R.I. gun advocates seek lawsuit to ease permit standards

Associated Press / February 9, 2009
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PROVIDENCE - Gun advocates are visiting police departments across Rhode Island to get each department's standards for deciding who may be granted a concealed weapons permit.

Activists want to be denied a permit so they can file a lawsuit to roll back what they see as unconstitutional limits on gun ownership.

James Archer, head of the Citizens' Rights Action League Rhode Island, told the Providence Journal the group wants to construct a new body of law to protect gun owners.

In 2002, Archer won a lawsuit that found police departments cannot refuse to issue permits to suitable applicants.

Many police chiefs say they would prefer to leave the permitting process in the hands of the attorney general so there would be a single state standard and one central clearinghouse for information on permit holders.

"As much as I have confidence in the other police chiefs, it does help having one basic application, one basic standard that everyone meets," Pawtucket Police Chief George L. Kelley III, Rhode Island Police Chiefs' Association president, told the Journal.

According to statistics from the attorney general's office, 4,383 people held concealed-weapons permits in Rhode Island in 2007. That's about 10 percent fewer than the 4,895 in 2001.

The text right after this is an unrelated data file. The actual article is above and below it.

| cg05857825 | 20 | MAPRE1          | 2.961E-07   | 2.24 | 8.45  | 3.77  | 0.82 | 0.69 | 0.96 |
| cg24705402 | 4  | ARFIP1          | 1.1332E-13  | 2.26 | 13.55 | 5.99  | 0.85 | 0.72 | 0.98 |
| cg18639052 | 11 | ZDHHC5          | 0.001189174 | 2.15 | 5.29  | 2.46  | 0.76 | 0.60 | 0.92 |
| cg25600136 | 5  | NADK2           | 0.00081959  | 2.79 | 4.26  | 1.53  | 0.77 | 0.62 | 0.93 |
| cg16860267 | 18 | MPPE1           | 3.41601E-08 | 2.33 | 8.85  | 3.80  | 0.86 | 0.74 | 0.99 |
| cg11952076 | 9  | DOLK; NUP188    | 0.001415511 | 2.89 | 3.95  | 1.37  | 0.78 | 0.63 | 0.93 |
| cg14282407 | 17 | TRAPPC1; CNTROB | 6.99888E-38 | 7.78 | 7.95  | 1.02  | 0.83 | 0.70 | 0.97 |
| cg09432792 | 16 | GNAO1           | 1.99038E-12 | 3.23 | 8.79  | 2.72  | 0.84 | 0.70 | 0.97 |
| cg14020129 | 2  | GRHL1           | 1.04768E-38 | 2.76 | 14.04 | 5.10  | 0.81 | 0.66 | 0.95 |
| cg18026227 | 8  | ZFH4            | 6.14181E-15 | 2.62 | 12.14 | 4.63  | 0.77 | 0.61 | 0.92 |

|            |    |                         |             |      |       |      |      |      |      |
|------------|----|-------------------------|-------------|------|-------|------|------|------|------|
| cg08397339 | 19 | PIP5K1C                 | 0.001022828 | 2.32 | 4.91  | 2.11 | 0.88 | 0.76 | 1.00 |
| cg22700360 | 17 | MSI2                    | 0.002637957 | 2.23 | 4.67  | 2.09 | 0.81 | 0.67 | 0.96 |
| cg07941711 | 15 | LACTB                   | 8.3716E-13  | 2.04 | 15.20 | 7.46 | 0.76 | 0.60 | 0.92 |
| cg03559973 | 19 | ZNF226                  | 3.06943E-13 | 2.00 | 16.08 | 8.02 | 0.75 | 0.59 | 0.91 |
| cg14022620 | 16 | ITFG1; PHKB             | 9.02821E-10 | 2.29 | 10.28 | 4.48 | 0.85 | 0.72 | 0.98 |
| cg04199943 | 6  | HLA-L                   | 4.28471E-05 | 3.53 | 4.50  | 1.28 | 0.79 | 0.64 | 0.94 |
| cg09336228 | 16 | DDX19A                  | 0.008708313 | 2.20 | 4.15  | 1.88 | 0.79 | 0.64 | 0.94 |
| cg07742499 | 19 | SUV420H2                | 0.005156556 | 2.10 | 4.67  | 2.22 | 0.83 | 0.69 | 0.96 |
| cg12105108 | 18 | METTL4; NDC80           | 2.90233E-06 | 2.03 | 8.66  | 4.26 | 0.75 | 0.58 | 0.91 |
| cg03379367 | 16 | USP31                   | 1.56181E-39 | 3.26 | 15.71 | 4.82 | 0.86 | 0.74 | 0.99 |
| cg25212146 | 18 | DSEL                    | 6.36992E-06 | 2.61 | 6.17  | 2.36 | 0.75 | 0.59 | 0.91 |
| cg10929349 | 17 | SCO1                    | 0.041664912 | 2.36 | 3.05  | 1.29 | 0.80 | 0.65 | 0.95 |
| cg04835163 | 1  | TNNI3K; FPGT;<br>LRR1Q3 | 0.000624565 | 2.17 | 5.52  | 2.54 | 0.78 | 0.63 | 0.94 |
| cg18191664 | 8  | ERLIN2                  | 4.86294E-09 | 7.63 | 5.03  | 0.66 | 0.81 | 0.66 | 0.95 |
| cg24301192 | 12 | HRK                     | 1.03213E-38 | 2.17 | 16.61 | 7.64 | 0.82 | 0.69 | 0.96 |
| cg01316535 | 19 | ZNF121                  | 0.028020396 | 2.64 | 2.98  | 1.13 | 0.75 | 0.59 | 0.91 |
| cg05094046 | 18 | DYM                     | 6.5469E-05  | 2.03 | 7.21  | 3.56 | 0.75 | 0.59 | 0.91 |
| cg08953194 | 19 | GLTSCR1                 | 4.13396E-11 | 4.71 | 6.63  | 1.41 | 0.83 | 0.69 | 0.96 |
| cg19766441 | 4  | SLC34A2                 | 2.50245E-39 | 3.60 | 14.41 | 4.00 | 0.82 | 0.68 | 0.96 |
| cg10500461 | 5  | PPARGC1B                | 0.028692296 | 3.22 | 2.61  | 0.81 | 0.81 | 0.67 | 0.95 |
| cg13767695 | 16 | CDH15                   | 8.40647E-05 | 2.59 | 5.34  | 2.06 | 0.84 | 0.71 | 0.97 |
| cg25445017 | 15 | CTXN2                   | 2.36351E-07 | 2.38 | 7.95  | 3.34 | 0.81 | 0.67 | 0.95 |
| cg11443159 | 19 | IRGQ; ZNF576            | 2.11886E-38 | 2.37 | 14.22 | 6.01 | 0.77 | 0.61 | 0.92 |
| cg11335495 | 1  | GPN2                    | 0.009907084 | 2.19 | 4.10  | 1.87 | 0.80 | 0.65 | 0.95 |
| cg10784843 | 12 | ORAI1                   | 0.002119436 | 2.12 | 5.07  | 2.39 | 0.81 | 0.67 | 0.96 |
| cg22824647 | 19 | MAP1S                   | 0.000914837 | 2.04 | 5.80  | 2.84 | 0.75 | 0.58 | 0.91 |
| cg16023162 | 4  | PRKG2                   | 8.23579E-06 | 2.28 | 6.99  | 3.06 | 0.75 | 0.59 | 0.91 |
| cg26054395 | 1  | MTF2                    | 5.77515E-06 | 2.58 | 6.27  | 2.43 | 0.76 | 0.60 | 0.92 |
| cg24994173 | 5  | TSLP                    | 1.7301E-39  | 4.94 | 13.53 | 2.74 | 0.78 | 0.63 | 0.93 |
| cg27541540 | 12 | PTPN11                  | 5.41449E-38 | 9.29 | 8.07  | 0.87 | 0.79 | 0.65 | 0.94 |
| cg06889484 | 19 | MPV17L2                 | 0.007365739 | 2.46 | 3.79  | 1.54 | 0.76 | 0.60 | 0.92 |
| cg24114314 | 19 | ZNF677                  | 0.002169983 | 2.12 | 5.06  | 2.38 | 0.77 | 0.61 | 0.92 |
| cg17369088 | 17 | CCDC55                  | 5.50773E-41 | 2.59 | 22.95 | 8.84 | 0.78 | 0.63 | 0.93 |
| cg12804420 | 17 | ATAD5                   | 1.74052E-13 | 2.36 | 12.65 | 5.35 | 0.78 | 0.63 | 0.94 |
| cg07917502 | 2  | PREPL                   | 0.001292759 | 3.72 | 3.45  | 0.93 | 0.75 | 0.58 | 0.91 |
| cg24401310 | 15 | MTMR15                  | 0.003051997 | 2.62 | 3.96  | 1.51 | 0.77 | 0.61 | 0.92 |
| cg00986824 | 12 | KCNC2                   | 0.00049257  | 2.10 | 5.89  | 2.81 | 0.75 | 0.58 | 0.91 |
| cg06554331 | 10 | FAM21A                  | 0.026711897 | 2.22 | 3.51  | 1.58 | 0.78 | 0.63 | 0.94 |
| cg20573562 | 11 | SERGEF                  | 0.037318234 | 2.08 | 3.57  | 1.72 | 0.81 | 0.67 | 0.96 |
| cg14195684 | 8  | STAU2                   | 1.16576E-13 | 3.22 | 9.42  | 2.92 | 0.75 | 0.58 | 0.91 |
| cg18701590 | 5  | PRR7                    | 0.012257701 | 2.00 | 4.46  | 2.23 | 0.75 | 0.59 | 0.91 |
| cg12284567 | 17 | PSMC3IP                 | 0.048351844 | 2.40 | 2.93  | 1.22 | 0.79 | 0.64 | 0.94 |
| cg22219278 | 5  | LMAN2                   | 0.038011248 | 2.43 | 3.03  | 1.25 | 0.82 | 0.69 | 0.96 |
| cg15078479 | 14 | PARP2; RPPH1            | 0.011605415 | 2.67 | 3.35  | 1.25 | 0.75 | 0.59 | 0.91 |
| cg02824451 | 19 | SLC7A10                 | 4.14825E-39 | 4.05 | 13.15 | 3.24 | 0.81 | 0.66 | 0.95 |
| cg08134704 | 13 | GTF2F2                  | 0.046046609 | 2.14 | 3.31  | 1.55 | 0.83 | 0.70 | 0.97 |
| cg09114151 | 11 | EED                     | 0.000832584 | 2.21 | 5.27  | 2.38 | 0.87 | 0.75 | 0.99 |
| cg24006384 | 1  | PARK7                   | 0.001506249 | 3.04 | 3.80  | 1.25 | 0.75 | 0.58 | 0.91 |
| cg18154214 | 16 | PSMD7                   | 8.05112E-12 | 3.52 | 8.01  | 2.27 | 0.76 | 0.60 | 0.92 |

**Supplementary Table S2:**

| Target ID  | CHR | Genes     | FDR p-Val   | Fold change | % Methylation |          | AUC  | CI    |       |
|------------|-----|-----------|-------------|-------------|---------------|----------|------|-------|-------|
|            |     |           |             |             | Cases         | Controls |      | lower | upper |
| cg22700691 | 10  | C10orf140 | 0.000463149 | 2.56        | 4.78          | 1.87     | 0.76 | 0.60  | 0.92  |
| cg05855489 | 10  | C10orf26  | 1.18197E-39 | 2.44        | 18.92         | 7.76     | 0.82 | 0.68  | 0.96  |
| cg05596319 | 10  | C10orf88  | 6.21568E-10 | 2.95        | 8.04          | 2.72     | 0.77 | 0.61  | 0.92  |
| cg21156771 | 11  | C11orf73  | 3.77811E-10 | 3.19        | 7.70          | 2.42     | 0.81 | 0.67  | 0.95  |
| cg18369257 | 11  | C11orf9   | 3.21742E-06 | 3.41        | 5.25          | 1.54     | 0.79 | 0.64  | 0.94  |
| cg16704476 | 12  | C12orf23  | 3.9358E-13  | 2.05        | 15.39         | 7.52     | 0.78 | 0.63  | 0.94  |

At the crux of the debate are the limits of gun ownership.

To advocates like Archer, the ability to carry a gun around, as opposed to the ability to keep a gun in your home, should be a basic personal right.

After World War II, many Rhode Island police departments began referring anyone who wanted a license to carry a concealed weapon to the state attorney general.

That changed when the judge in Archer's 2002 lawsuit ruled that while the attorney general can continue to issue permits to carry guns, police departments cannot refuse to issue them if an applicant is deemed suitable.

Part of the problem is that the court never defined "suitable." Advocates and police chiefs have differing definitions.

"It is working out the way I expected," Archer said. "But not the way it should."

After the ruling, most departments adopted the attorney general's application standards, but some, including Coventry, Cumberland, Lincoln, North Providence, West Warwick, and Pawtucket, went further, deciding to require applicants go through the same psychological testing that prospective police officers must complete.

Archer said the psychological testing is just another hurdle designed to discourage applicants.

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